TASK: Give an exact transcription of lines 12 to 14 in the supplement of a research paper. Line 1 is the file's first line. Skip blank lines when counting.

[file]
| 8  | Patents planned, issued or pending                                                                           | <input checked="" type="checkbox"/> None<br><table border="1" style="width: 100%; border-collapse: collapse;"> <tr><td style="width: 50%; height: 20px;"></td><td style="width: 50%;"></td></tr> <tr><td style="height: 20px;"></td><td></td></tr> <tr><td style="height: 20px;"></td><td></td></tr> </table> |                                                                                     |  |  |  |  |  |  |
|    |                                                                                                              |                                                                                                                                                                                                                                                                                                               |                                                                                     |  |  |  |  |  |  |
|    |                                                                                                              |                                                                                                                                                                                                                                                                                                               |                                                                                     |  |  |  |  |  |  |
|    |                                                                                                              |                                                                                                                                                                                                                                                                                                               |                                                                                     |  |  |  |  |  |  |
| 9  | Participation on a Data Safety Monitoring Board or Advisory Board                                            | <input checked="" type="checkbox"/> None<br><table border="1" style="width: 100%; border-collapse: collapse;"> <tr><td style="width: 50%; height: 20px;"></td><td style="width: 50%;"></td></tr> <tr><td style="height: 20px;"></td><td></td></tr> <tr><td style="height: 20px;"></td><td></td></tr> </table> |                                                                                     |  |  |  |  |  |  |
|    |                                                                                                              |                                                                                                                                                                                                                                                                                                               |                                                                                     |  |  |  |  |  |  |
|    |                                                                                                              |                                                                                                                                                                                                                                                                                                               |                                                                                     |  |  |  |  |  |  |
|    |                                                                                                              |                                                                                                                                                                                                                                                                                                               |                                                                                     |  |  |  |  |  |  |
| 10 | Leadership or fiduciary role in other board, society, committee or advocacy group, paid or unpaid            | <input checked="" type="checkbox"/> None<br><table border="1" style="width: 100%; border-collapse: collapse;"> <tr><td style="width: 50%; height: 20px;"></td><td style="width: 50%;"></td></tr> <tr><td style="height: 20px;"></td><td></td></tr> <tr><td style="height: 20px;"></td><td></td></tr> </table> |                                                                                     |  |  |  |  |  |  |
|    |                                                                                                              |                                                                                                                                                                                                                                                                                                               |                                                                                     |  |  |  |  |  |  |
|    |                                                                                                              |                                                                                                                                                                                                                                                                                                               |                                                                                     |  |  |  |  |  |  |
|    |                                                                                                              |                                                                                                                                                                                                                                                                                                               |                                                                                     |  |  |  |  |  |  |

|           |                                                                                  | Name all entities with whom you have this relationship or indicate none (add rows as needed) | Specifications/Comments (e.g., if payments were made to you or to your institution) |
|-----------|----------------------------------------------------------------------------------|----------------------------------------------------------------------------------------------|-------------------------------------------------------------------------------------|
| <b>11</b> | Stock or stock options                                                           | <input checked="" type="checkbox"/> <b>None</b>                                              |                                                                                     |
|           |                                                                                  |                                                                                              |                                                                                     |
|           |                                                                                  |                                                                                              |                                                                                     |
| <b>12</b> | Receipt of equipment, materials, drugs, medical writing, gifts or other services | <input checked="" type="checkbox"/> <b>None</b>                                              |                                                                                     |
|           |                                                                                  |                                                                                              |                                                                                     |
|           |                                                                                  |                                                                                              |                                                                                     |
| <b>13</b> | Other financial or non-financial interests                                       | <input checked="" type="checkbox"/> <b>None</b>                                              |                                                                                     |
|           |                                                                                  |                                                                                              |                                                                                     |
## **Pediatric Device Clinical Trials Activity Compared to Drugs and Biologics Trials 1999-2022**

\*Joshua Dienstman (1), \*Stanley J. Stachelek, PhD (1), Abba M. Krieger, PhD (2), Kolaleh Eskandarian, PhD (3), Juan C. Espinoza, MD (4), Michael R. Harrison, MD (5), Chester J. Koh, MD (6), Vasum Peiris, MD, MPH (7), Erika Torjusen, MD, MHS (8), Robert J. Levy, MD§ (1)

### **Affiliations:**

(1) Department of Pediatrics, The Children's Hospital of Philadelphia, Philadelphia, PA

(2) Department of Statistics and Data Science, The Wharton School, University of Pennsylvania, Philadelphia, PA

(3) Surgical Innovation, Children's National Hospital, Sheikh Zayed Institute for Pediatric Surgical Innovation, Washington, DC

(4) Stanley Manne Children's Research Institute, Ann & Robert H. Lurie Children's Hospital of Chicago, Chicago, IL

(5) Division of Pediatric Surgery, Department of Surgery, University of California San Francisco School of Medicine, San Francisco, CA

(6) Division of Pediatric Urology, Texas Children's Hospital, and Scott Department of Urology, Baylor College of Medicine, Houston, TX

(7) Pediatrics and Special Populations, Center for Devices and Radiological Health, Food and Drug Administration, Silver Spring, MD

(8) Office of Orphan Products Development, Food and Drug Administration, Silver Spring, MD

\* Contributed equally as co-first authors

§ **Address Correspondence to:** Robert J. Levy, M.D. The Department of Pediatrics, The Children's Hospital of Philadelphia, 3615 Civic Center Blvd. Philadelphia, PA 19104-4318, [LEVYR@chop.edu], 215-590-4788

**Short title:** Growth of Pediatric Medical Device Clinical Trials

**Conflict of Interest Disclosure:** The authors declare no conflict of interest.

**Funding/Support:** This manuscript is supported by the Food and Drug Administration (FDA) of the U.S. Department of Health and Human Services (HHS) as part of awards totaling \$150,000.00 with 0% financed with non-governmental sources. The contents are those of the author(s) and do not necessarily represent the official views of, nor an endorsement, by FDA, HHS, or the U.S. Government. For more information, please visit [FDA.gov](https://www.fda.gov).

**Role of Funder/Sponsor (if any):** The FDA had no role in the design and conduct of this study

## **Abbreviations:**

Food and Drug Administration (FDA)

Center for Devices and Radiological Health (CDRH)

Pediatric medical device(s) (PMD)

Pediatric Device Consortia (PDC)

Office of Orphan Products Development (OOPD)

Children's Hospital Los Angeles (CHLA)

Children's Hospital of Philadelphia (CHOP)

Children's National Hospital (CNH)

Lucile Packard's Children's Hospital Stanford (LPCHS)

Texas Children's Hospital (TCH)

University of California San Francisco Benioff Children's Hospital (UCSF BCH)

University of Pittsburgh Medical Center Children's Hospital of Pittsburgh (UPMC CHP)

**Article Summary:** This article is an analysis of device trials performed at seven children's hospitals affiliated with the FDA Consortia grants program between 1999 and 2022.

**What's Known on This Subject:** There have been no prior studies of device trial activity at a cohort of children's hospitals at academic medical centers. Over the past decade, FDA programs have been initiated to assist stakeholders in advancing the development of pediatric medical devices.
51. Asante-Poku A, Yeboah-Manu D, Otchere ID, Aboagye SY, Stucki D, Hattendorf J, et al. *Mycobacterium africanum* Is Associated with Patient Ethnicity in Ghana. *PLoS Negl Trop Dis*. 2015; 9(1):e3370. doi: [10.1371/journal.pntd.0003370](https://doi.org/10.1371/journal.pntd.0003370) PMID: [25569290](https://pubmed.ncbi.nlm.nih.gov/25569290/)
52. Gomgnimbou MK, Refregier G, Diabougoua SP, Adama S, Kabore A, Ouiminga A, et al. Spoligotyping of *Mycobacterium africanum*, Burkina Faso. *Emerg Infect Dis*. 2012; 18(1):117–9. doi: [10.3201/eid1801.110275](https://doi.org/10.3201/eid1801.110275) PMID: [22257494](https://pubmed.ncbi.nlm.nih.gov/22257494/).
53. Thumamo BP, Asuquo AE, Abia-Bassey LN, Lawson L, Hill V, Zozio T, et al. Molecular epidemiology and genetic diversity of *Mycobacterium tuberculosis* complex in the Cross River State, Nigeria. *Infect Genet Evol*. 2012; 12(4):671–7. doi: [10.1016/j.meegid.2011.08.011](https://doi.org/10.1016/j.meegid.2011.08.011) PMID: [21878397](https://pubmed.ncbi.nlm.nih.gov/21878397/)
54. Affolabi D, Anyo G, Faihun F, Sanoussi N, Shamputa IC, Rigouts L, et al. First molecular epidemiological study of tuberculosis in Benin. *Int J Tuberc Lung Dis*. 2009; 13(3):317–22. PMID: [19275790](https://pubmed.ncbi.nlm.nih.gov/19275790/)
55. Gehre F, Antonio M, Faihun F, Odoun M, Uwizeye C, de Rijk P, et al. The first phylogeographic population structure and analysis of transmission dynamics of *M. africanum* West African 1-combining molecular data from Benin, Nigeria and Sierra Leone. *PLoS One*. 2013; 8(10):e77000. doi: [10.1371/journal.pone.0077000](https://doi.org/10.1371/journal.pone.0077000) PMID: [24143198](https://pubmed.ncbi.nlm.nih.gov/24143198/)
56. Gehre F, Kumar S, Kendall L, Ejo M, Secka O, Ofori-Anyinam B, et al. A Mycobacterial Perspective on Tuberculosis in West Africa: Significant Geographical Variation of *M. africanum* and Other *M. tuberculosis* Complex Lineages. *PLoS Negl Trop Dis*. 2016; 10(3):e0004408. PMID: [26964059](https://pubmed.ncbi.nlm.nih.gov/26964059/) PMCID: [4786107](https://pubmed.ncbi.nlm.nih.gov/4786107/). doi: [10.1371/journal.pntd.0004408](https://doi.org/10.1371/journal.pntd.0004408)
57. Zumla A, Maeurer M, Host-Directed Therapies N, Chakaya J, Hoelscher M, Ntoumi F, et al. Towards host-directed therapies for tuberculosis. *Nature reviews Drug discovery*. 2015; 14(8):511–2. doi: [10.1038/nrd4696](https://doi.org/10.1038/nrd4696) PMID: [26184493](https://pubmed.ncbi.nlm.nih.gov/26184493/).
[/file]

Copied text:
|    |                                                                                                              |                                                                                                                                                                                                                                                                                                               |                                                                                     |  |  |  |  |  |  |

|           |                                                                                  | Name all entities with whom you have this relationship or indicate none (add rows as needed) | Specifications/Comments (e.g., if payments were made to you or to your institution) |
|-----------|----------------------------------------------------------------------------------|----------------------------------------------------------------------------------------------|-------------------------------------------------------------------------------------|